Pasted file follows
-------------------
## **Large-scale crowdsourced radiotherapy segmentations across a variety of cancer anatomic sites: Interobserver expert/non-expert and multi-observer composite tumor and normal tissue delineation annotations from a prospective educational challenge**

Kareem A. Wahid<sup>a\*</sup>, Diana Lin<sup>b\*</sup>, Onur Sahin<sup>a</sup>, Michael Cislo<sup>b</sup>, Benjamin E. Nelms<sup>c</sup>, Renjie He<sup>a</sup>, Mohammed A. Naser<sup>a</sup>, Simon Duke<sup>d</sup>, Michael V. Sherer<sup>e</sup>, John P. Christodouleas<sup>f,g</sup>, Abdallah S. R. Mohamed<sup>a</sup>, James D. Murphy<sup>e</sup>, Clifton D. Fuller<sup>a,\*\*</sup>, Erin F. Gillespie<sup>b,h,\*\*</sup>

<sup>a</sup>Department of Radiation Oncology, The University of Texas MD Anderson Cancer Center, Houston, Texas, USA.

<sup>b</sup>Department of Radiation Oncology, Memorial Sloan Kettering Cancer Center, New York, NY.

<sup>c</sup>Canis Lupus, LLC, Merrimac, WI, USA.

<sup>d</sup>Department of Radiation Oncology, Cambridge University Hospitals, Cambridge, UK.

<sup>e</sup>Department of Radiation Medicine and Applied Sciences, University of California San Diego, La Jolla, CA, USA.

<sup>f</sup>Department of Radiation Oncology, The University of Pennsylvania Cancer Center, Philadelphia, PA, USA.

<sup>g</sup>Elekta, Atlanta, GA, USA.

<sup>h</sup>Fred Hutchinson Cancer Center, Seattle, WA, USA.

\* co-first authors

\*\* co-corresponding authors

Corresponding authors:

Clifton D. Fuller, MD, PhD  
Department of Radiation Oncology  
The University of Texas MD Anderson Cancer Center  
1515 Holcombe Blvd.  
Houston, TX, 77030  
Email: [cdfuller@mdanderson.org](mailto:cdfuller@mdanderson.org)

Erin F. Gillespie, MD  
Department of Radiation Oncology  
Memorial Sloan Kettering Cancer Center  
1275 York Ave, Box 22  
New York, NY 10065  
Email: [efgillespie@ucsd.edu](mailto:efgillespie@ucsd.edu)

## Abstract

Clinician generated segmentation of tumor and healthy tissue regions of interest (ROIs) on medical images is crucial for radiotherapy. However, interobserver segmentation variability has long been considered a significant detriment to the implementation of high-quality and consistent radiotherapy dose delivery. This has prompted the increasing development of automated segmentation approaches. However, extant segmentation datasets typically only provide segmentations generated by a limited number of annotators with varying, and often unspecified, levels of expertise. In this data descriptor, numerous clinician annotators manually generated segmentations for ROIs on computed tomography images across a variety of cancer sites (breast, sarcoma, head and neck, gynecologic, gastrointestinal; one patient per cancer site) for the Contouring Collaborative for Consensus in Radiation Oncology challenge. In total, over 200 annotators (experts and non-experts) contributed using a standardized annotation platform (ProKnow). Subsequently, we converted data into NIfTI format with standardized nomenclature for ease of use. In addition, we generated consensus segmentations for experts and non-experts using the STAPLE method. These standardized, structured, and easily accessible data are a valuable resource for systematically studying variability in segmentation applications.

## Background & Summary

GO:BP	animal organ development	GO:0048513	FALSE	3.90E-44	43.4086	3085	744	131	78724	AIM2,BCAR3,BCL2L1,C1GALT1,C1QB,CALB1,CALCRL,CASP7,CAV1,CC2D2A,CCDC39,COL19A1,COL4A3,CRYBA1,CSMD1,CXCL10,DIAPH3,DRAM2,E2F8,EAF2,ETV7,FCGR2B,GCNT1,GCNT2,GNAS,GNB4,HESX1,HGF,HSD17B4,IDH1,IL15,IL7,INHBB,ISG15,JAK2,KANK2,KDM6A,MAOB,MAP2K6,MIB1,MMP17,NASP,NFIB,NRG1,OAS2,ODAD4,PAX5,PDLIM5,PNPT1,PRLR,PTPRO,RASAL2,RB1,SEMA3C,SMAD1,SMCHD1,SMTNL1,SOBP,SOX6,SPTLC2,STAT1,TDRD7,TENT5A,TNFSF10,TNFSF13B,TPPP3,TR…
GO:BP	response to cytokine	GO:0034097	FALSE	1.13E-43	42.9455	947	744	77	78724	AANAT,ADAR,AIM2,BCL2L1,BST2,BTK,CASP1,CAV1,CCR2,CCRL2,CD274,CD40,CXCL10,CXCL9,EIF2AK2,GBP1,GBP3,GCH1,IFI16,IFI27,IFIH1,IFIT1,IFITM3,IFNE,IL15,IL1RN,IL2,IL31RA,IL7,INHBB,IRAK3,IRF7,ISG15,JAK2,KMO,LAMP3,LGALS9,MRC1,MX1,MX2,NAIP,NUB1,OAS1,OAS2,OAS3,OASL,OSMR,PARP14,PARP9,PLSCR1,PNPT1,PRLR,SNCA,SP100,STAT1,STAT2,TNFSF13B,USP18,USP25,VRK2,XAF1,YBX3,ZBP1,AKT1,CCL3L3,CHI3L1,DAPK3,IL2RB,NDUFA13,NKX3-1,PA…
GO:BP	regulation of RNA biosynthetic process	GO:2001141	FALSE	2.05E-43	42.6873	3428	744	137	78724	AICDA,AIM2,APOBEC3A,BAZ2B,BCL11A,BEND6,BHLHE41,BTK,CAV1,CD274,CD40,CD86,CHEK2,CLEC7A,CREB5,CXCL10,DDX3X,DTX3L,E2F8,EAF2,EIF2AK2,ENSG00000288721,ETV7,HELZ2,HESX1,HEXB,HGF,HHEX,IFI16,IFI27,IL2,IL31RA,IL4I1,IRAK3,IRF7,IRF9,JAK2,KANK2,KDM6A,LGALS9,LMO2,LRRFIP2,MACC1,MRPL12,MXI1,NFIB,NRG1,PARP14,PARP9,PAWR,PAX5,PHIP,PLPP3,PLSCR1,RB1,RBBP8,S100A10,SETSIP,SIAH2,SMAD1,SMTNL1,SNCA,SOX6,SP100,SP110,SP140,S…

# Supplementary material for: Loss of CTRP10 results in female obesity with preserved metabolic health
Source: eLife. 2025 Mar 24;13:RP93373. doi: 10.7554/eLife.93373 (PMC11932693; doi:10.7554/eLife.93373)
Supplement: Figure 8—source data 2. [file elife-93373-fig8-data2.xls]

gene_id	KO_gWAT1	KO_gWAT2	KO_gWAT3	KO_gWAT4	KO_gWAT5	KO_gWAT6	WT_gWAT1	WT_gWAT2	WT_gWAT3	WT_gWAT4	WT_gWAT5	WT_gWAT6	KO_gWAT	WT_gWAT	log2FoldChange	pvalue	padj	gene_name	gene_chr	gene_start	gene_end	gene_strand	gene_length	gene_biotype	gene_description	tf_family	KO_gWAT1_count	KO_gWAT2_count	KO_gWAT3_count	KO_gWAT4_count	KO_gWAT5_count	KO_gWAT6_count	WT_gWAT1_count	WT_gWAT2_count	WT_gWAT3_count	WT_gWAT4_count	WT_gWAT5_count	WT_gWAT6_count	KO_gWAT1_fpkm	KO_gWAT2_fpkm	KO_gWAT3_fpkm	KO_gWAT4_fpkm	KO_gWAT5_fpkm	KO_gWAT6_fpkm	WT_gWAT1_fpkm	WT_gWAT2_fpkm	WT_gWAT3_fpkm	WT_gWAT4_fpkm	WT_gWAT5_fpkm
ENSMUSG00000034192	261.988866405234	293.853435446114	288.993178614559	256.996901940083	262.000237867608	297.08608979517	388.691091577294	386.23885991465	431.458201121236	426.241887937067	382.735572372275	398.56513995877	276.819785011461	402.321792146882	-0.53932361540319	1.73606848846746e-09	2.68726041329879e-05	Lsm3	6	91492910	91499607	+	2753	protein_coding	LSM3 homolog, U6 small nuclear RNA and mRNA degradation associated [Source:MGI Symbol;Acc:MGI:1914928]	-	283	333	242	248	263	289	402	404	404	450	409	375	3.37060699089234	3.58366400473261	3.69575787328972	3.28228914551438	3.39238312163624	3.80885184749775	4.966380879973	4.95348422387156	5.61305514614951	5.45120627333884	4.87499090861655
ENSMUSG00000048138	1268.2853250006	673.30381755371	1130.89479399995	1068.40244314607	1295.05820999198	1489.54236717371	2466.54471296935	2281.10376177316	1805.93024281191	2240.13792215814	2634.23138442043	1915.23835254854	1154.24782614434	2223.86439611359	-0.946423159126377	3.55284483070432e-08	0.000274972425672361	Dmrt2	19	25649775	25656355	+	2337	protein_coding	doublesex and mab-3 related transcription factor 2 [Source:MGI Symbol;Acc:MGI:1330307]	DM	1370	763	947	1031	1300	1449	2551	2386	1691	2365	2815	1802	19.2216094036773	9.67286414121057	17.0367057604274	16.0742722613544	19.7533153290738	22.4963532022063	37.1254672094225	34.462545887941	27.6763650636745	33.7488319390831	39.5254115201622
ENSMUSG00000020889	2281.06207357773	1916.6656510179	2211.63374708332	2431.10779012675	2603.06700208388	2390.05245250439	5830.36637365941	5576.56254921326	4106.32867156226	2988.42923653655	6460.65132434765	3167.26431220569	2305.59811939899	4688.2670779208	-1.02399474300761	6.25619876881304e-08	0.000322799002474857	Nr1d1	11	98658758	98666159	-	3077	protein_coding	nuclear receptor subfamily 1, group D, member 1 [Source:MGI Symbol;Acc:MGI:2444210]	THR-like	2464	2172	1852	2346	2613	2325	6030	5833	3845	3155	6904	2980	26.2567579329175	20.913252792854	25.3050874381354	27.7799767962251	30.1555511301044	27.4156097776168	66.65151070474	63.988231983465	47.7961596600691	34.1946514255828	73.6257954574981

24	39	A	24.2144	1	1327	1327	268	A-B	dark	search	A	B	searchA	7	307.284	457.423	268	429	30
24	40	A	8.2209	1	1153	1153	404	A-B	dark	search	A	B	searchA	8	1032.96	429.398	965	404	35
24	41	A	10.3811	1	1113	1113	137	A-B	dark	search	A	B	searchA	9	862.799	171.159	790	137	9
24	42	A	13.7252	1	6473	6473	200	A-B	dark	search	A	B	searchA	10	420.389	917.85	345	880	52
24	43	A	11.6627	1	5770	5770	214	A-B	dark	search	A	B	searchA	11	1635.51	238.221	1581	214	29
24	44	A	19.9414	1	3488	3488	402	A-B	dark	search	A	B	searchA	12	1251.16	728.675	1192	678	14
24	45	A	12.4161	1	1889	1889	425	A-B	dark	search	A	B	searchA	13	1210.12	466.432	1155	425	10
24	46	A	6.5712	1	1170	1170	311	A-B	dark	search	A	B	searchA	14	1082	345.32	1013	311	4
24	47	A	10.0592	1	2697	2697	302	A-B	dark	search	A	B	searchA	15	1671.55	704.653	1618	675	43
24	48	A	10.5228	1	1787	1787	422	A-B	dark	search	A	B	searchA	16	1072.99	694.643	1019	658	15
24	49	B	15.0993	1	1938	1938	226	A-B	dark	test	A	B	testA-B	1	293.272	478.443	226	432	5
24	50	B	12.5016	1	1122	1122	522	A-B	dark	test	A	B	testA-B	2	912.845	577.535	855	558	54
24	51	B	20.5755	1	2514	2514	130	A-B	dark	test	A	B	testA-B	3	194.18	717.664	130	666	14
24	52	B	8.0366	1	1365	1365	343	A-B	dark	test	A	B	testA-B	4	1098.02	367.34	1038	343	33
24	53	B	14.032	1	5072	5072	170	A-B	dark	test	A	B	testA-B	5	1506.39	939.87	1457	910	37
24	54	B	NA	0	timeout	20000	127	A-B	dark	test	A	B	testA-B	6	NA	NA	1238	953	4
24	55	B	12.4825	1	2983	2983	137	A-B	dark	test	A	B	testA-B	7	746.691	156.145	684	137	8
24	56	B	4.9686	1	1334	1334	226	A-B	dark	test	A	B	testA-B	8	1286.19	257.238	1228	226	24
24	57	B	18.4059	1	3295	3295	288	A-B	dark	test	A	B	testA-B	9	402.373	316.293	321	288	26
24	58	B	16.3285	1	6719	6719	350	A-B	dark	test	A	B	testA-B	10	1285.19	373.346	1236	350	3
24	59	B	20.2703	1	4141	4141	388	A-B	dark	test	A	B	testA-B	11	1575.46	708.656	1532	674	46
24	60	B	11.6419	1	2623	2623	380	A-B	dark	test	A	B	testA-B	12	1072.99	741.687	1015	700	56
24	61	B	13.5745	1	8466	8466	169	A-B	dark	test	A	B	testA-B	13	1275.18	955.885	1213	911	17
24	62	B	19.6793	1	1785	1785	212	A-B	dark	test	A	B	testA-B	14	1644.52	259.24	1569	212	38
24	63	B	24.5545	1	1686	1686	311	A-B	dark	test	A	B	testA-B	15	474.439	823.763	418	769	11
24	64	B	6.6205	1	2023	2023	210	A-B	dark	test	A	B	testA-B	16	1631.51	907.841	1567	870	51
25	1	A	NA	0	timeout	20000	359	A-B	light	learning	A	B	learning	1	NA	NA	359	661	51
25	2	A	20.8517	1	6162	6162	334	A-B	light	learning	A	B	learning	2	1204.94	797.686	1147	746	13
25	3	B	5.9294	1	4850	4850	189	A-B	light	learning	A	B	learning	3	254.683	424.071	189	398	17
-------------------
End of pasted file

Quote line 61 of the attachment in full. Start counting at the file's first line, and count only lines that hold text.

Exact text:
24	61	B	13.5745	1	8466	8466	169	A-B	dark	test	A	B	testA-B	13	1275.18	955.885	1213	911	17